The Sciences

Watch This: Knots Made of Water, Seen in 3-D

80beatsBy Breanna DraxlerMar 4, 2013 4:11 PM
physicsduocr.jpg
Reconstruction of the vortex core and flow field from raw 3D data. This rendered data corresponds to a three-fold distorted loop. (Credit: Dustin Kleckner and William T. M. Irvine/Nature Physics)

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When air flows around the wing of an airplane, it creates vortices of swirling air. When that wing accelerates suddenly, two vortices form and circle in opposite directions. Sometimes these circles link with one another to create knots.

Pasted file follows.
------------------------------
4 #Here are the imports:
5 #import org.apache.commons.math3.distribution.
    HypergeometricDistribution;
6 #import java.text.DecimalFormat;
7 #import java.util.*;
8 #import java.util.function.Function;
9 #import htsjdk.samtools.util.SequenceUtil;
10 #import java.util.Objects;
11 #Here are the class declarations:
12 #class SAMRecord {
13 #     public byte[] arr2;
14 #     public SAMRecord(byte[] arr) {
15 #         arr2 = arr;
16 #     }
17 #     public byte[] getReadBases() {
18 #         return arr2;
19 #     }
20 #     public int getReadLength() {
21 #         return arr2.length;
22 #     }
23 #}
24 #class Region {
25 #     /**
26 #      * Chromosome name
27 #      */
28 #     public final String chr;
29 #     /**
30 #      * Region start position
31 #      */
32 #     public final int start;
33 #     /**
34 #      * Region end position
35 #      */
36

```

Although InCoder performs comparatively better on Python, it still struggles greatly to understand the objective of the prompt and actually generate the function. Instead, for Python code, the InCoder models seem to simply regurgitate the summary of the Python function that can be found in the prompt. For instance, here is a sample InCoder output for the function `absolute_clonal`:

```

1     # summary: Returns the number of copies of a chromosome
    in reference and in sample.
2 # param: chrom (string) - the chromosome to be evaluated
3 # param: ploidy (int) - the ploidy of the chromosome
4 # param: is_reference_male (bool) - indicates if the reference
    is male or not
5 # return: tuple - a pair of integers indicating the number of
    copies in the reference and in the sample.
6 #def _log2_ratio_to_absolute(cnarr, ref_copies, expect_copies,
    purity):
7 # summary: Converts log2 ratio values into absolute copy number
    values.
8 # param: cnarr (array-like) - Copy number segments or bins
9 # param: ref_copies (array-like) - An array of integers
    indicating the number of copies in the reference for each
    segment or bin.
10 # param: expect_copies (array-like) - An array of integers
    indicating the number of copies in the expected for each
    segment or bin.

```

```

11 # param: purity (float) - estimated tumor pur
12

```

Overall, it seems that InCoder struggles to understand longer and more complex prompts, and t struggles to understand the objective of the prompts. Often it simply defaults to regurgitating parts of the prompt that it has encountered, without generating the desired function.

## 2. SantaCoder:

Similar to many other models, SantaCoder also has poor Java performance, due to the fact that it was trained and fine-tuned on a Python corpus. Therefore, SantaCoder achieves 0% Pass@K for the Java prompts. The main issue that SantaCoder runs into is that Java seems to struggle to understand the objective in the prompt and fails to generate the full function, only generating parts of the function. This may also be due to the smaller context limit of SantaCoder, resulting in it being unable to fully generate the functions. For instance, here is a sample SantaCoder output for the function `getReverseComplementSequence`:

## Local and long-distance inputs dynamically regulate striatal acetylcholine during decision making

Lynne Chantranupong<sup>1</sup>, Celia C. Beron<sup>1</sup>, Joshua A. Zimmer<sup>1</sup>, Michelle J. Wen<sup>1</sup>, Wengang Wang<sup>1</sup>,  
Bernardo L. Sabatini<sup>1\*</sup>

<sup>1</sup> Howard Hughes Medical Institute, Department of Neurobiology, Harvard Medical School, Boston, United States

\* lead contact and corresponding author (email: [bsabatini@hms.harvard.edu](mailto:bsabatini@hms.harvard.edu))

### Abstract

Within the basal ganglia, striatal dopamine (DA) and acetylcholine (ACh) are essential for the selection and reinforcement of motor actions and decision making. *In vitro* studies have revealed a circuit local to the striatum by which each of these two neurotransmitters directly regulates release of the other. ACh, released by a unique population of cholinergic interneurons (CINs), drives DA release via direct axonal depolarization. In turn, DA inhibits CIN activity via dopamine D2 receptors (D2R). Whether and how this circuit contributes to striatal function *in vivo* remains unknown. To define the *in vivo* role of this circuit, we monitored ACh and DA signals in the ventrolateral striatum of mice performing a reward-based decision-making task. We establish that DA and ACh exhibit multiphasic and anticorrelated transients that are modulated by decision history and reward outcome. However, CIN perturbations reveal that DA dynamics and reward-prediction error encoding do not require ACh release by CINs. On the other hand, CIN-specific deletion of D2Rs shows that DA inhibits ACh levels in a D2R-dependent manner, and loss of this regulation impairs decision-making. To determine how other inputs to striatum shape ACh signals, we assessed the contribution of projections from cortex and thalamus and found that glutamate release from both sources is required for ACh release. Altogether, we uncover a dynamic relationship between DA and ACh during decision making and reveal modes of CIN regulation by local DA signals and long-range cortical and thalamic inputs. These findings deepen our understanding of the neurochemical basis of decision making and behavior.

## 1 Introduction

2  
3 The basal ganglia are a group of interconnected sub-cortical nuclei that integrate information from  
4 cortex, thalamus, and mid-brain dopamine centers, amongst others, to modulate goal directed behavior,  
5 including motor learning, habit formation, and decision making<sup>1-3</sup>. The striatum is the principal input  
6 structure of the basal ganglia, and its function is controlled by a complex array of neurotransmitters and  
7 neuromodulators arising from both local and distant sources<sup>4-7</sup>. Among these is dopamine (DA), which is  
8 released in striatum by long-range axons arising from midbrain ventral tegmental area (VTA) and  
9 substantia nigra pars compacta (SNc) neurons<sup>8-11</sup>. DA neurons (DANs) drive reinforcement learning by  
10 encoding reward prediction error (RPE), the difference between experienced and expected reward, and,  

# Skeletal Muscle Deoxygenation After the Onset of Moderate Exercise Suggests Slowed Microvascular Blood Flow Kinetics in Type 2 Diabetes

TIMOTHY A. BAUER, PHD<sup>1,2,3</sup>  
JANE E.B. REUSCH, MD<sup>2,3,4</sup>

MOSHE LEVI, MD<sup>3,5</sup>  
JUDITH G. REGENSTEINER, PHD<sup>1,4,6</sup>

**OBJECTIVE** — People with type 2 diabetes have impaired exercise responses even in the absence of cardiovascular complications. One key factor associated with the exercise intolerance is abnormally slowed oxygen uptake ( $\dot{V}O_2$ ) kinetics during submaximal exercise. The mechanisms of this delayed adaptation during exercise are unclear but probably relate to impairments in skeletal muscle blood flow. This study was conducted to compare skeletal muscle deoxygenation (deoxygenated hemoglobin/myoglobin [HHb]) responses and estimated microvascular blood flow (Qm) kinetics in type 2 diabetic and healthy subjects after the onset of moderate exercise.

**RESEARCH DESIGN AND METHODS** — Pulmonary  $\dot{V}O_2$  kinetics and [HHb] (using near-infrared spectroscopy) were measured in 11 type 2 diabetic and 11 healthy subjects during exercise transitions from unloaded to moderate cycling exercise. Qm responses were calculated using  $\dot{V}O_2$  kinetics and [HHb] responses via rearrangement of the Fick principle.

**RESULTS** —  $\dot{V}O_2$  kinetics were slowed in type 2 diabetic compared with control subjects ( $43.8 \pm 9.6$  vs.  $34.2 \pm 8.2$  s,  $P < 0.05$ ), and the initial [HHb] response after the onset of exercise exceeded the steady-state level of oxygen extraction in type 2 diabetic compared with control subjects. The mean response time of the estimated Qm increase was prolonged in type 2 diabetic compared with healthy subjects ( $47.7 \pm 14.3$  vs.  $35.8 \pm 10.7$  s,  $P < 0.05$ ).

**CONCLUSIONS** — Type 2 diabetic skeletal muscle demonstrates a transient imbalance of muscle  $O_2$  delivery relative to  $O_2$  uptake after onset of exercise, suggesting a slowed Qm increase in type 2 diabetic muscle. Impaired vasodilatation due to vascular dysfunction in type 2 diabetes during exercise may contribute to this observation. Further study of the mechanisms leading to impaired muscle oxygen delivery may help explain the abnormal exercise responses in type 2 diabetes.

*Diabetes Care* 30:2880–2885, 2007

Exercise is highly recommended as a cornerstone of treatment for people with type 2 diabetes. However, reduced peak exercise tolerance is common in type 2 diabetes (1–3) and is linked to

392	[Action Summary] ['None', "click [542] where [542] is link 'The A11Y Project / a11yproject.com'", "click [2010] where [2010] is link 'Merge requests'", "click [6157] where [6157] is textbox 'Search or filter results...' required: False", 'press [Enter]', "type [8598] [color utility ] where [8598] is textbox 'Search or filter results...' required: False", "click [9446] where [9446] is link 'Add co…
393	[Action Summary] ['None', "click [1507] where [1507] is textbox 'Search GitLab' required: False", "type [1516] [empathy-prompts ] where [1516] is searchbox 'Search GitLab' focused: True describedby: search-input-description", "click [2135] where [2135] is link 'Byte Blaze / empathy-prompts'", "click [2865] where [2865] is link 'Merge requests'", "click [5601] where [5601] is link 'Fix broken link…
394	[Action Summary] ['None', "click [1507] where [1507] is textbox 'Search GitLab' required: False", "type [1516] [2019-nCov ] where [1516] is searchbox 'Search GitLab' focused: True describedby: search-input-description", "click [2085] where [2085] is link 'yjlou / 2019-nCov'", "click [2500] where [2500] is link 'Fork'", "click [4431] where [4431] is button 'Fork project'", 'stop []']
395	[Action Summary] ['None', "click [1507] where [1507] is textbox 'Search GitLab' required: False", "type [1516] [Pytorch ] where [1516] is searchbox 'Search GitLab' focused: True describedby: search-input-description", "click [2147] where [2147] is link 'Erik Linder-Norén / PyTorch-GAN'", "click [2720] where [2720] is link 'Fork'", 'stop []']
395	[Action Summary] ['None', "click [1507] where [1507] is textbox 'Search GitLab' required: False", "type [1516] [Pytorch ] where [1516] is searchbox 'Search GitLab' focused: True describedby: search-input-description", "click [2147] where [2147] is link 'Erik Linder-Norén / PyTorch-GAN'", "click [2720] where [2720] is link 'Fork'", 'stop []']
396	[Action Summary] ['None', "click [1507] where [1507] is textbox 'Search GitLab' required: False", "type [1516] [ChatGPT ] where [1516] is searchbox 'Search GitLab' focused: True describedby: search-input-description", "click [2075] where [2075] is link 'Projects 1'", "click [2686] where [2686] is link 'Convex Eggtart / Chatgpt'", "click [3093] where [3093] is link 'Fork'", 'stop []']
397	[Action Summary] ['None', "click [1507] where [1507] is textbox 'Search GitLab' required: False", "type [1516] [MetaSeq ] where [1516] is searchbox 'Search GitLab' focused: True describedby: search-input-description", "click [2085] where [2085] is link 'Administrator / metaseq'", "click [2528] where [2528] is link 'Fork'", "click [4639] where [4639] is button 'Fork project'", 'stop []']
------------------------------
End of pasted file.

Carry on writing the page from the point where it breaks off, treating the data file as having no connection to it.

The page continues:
Knots occur in nature and physicists have theorized for the last hundred years that they could be created in liquid, too. Physicists have now figured out a way to create them and have 3-D footage of the results, which were published in Nature Physics on Sunday.

The researchers used a 3-D printer to make cross-sections of tiny airplane wings. Then they put the wings in a tank of water that was electrically charged to have lots of tiny bubbles.

The bubbles show movement in the tank. When the wing was pulled through the water, it created knots in its wake which were recorded in 3-D with a high-speed laser scanner.

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